This country's new head of state, once a rigidly Marxist rebel fighting government troops from mountain hide-outs, arrived in the capital Saturday and charmed the city's diplomatic community with promises of democracy and international cooperation. Meles Zenawi, a 36-year-old former medical student, spoke to members of the international community after arriving in Ethiopia from London.
Dressed in a well-tailored tan suit and speaking impeccable if gently accented English, he said his army would move quickly to enhance security around the country _ which is still bedeviled by ethnic insurgence and rural banditry _ and facilitate the movement of relief supplies for as many as 7-million potential victims of famine.
Meles is the leader of the Ethiopian People's Revolutionary Democratic Front, whose army moved into Addis Ababa on Tuesday morning after the Marxist regime that had ruled the country for 17 years collapsed.
He told the audience of about 120 foreign diplomats that he and his cadre would serve as an interim government until a political conference, scheduled to take place by July 1, established a transitional government that would work toward democratic elections, perhaps in two years.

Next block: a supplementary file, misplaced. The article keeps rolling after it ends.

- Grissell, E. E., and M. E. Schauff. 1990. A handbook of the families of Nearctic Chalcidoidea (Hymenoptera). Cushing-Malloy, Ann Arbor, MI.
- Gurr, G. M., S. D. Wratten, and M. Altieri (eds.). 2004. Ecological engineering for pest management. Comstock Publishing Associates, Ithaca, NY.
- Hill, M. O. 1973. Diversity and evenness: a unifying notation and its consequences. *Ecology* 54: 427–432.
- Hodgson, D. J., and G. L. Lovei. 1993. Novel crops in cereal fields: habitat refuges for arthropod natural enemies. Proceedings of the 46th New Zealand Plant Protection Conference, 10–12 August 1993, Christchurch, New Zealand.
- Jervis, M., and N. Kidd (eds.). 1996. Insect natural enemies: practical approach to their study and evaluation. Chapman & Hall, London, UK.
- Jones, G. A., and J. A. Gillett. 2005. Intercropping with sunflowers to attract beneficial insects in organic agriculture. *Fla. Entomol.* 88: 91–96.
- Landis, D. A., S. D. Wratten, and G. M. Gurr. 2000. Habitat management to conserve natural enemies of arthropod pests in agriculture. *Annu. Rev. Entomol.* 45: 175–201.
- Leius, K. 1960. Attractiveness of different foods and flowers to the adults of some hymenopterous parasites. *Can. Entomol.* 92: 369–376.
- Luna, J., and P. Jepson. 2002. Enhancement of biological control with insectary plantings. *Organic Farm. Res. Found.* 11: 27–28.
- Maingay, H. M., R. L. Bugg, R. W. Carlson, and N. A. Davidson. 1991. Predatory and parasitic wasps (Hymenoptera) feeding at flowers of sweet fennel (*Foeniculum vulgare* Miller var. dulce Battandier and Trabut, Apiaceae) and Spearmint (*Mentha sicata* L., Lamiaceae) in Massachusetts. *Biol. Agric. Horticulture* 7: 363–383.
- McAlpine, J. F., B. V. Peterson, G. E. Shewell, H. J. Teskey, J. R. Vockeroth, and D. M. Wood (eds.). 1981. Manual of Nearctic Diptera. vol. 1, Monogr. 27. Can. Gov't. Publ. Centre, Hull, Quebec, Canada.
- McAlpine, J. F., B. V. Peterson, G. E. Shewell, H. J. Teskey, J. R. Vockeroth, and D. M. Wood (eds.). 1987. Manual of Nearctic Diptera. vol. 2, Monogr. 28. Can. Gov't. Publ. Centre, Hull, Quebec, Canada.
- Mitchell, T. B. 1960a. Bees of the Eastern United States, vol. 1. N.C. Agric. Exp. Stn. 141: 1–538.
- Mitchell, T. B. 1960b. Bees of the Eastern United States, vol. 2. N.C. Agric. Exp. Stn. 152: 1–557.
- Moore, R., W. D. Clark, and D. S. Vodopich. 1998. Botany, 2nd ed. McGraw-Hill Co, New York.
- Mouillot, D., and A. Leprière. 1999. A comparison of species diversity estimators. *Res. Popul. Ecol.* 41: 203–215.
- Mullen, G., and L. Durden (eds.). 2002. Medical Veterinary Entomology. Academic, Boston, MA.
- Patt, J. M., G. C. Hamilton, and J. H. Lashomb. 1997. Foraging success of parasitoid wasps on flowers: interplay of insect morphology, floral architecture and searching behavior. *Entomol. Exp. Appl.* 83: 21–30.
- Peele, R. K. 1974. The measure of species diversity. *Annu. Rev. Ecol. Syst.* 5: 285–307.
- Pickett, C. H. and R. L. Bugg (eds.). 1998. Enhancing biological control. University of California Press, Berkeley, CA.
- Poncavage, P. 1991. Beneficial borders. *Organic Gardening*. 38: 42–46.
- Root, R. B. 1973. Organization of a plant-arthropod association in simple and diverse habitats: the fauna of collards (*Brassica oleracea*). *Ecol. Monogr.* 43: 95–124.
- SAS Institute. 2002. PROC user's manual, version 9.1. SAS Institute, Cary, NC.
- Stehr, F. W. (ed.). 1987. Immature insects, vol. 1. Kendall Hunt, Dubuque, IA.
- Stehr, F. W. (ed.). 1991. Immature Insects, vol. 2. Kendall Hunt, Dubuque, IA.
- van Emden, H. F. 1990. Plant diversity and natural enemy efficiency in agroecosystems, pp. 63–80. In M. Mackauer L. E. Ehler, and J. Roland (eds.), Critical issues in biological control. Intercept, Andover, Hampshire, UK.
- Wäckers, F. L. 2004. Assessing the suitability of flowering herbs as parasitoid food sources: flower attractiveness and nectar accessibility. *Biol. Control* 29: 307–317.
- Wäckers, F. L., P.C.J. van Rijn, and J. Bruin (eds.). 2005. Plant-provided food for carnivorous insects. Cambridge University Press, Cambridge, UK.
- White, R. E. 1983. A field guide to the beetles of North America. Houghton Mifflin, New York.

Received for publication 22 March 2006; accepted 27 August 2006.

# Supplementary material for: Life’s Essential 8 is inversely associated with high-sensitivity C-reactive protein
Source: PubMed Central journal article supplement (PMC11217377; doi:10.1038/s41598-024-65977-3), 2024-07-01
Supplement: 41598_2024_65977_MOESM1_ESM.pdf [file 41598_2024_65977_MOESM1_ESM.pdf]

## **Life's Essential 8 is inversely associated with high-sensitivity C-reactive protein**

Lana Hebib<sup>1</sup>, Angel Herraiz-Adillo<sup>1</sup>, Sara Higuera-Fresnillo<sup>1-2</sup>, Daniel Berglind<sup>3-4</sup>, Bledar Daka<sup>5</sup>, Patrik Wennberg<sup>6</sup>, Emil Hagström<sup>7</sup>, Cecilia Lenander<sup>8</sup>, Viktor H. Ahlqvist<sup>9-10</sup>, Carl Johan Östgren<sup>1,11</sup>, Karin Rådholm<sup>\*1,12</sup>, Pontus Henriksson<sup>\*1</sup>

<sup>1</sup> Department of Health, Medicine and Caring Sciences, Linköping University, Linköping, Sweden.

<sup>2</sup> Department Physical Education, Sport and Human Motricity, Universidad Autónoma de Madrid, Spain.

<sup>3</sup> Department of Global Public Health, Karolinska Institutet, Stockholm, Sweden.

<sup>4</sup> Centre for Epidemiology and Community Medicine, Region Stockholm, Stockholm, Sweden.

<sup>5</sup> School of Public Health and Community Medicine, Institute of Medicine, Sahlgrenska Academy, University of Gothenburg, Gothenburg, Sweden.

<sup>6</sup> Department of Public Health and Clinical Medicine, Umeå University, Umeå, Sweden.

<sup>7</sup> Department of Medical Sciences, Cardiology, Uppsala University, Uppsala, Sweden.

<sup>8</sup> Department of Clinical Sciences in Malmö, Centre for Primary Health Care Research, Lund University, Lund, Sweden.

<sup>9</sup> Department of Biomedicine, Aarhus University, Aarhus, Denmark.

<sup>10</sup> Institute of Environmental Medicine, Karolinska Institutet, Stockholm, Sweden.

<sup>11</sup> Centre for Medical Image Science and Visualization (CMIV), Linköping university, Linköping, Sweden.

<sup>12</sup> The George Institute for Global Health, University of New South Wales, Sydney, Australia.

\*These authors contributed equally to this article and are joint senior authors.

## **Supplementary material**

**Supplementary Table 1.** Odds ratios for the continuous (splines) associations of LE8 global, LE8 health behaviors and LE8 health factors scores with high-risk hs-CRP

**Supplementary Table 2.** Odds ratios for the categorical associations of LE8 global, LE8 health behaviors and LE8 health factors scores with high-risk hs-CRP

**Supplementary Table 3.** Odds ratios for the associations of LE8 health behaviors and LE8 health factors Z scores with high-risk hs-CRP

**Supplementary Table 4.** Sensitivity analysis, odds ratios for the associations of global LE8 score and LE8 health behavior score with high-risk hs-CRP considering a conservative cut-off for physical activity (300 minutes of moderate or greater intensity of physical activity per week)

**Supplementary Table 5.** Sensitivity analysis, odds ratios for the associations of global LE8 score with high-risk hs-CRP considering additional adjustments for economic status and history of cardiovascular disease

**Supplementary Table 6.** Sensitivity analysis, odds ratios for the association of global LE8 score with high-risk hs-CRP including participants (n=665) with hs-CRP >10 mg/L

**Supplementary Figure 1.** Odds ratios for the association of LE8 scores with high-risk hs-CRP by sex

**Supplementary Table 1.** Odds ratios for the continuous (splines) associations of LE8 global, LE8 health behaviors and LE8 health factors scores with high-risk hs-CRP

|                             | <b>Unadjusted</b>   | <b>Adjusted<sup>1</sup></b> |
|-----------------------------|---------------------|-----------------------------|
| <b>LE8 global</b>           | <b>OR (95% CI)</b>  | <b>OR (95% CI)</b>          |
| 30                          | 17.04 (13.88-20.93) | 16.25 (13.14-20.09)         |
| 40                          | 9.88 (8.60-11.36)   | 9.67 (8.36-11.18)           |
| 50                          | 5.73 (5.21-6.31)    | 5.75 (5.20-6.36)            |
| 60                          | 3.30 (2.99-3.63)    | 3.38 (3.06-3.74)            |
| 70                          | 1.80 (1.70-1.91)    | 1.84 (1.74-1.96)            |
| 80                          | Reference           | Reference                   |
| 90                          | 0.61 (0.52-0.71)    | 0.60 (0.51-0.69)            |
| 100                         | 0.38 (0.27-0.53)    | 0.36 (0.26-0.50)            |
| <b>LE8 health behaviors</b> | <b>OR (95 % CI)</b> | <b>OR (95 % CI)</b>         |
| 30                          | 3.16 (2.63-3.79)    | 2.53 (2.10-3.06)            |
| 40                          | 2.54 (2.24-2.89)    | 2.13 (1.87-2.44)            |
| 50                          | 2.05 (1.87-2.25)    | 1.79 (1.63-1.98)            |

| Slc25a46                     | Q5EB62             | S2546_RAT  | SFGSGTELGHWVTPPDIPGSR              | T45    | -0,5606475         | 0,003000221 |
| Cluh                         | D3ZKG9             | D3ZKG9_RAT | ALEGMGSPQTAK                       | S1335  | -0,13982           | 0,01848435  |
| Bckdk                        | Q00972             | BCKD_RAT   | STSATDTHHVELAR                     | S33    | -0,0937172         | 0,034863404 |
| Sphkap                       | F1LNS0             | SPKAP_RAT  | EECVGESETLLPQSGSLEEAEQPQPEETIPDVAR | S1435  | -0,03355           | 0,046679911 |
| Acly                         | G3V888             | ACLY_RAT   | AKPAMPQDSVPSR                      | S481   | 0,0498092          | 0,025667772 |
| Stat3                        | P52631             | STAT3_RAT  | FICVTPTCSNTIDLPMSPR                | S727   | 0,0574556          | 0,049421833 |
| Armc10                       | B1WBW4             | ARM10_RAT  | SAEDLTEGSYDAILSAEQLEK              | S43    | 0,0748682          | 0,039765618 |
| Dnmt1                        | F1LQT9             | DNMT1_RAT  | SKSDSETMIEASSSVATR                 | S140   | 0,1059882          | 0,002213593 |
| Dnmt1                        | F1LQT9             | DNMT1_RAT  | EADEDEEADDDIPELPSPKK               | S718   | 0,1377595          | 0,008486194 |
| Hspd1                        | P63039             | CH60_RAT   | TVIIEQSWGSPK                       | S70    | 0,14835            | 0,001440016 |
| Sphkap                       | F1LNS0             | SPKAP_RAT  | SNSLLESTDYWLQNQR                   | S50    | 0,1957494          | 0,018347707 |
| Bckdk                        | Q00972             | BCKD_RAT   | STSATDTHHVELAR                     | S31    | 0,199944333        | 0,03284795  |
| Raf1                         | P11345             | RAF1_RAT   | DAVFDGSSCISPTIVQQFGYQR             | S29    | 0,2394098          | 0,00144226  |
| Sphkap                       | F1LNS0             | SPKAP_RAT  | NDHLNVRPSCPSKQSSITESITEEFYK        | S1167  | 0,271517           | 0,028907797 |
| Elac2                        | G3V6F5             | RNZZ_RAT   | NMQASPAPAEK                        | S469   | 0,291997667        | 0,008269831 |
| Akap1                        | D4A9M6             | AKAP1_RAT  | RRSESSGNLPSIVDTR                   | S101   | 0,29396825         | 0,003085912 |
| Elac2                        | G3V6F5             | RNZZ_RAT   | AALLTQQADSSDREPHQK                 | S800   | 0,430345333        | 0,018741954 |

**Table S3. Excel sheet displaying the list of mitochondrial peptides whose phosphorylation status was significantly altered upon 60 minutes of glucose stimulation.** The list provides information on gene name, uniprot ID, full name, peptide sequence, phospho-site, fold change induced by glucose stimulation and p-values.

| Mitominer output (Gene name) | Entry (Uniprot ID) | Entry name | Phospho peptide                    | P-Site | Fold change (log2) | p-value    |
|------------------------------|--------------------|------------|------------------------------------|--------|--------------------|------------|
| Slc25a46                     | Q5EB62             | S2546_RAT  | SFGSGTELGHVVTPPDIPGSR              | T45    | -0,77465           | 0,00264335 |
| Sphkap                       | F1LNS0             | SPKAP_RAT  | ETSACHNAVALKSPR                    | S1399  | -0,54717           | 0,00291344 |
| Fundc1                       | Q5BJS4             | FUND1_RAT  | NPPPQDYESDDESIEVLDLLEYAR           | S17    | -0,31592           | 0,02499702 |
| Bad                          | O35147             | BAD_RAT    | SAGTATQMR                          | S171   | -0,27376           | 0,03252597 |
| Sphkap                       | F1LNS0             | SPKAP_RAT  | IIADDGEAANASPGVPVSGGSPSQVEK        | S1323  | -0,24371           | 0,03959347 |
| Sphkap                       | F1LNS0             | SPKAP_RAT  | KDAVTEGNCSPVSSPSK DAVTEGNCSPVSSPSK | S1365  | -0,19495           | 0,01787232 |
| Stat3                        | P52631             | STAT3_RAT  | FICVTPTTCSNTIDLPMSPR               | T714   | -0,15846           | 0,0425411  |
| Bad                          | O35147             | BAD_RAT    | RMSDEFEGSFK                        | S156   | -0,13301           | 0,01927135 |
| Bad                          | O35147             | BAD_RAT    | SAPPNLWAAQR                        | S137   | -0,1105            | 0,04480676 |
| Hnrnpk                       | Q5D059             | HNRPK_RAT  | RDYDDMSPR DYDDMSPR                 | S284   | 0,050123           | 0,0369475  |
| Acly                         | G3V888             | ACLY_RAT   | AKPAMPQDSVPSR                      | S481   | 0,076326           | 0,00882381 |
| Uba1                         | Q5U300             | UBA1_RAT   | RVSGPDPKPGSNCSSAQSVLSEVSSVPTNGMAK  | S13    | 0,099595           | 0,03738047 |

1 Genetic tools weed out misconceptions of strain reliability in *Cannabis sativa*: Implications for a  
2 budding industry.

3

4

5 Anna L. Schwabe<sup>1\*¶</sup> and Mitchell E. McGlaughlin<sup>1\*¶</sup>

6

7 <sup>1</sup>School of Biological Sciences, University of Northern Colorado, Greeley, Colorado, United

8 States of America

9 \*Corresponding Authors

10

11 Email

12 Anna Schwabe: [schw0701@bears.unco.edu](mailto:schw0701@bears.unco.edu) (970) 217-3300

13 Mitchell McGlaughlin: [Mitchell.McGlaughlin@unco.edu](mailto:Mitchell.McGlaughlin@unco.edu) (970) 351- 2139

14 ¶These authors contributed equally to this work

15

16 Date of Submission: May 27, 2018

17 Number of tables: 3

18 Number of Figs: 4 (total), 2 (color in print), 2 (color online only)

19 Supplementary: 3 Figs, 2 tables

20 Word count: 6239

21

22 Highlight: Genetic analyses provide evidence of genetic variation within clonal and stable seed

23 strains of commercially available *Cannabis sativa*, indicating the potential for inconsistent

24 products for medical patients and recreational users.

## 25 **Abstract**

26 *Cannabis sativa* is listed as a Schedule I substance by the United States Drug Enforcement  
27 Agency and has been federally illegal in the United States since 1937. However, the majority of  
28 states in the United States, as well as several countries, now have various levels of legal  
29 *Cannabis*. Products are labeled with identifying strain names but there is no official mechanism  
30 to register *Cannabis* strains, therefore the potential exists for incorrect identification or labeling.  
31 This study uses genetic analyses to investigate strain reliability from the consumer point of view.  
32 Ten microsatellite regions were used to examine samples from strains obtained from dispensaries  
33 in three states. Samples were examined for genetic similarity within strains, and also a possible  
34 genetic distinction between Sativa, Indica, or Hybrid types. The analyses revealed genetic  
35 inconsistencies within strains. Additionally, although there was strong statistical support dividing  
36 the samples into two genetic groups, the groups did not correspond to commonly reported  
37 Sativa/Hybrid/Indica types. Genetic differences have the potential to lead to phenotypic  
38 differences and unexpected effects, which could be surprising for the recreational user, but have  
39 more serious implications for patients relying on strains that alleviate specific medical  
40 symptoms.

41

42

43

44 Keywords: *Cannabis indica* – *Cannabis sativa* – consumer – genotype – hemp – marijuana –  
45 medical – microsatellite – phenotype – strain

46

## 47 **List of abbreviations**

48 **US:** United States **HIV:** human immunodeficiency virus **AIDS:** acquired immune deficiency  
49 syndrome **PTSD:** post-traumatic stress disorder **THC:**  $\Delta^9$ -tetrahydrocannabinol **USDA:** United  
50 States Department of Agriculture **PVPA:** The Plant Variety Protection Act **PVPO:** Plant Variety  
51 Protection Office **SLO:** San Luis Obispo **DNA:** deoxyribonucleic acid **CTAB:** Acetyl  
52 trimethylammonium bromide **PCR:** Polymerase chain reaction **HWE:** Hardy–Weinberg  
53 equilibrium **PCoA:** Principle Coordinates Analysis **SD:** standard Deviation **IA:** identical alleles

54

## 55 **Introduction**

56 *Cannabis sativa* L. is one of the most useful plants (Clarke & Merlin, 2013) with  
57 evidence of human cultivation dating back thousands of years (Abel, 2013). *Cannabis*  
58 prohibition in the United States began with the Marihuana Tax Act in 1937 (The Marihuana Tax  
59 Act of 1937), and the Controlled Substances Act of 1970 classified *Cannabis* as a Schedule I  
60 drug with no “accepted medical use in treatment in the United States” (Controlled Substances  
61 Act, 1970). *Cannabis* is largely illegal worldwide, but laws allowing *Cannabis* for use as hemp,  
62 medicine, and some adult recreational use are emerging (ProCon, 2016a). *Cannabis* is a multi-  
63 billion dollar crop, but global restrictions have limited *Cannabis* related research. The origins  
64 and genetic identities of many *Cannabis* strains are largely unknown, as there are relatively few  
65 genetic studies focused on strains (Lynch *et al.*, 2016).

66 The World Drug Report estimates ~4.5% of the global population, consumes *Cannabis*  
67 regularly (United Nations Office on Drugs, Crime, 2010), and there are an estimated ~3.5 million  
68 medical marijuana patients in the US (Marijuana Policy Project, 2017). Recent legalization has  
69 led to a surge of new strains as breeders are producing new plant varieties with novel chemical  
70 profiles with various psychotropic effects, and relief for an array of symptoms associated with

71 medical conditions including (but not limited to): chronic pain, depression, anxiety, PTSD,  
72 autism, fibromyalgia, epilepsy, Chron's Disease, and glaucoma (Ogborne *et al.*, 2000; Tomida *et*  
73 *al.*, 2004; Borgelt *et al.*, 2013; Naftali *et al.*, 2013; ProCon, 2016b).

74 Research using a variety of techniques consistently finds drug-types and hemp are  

The transitional government would include members from all of the country's population groups, he said, noting that the previous government, headed for 14 years by Mengistu Haile Mariam, had been "run by a narrow clique for the benefit of the elite."
"We are not going to repeat this blunder," he said. "We know what this blunder has led us to" _ referring to decades of civil war, economic disaster and political stagnation. Although the People's Front currently maintains the only cohesive military force in the country, Meles said he abjured absolute power.
Most diplomats at the meeting seemed impressed, if wary, of Meles' promises. And Meles may have benefited by comparison with Mengistu, his frequently sullen and uncooperative predecessor as head of state.
"He's forthright, he wants to get things done, he wants the cooperation of the international community," said Francis Filleoul, the Canadian ambassador. "Obviously there's a bit of a honeymoon. When they actually come down to specifics it may not be so pleasant."
Reports here suggesting that U.S. officials presiding over government-rebel peace talks in London on Monday "invited" the rebel army to enter Addis Ababa to forestall a breakdown of public order inspired anti-American demonstrations Wednesday and Thursday.
"This was a decision of the (front), not the U.S. government," Meles said of the rebel advance.